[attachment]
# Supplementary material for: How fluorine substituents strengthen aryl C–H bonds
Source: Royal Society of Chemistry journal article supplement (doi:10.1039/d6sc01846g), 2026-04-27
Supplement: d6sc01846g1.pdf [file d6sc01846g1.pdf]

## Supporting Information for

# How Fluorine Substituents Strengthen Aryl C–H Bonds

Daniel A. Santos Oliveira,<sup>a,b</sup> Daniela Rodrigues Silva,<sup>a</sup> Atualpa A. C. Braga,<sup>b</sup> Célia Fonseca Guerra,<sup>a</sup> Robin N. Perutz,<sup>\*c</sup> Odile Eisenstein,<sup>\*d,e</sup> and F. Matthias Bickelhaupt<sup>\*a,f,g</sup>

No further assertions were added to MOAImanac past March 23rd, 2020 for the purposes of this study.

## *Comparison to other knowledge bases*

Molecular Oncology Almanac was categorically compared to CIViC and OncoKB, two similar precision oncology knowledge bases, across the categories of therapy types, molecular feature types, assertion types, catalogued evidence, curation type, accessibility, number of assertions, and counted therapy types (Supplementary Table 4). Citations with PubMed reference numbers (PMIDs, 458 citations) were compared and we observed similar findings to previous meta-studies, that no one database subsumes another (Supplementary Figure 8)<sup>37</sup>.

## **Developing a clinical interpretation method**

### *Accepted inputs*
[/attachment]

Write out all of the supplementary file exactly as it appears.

# Supplementary material for: How fluorine substituents strengthen aryl C–H bonds
Source: Royal Society of Chemistry journal article supplement (doi:10.1039/d6sc01846g), 2026-04-27
Supplement: d6sc01846g1.pdf [file d6sc01846g1.pdf]

## Supporting Information for

# How Fluorine Substituents Strengthen Aryl C–H Bonds

Daniel A. Santos Oliveira,<sup>a,b</sup> Daniela Rodrigues Silva,<sup>a</sup> Atualpa A. C. Braga,<sup>b</sup> Célia Fonseca Guerra,<sup>a</sup> Robin N. Perutz,<sup>\*c</sup> Odile Eisenstein,<sup>\*d,e</sup> and F. Matthias Bickelhaupt<sup>\*a,f,g</sup>

No further assertions were added to MOAImanac past March 23rd, 2020 for the purposes of this study.

## *Comparison to other knowledge bases*

Molecular Oncology Almanac was categorically compared to CIViC and OncoKB, two similar precision oncology knowledge bases, across the categories of therapy types, molecular feature types, assertion types, catalogued evidence, curation type, accessibility, number of assertions, and counted therapy types (Supplementary Table 4). Citations with PubMed reference numbers (PMIDs, 458 citations) were compared and we observed similar findings to previous meta-studies, that no one database subsumes another (Supplementary Figure 8)<sup>37</sup>.

## **Developing a clinical interpretation method**

### *Accepted inputs*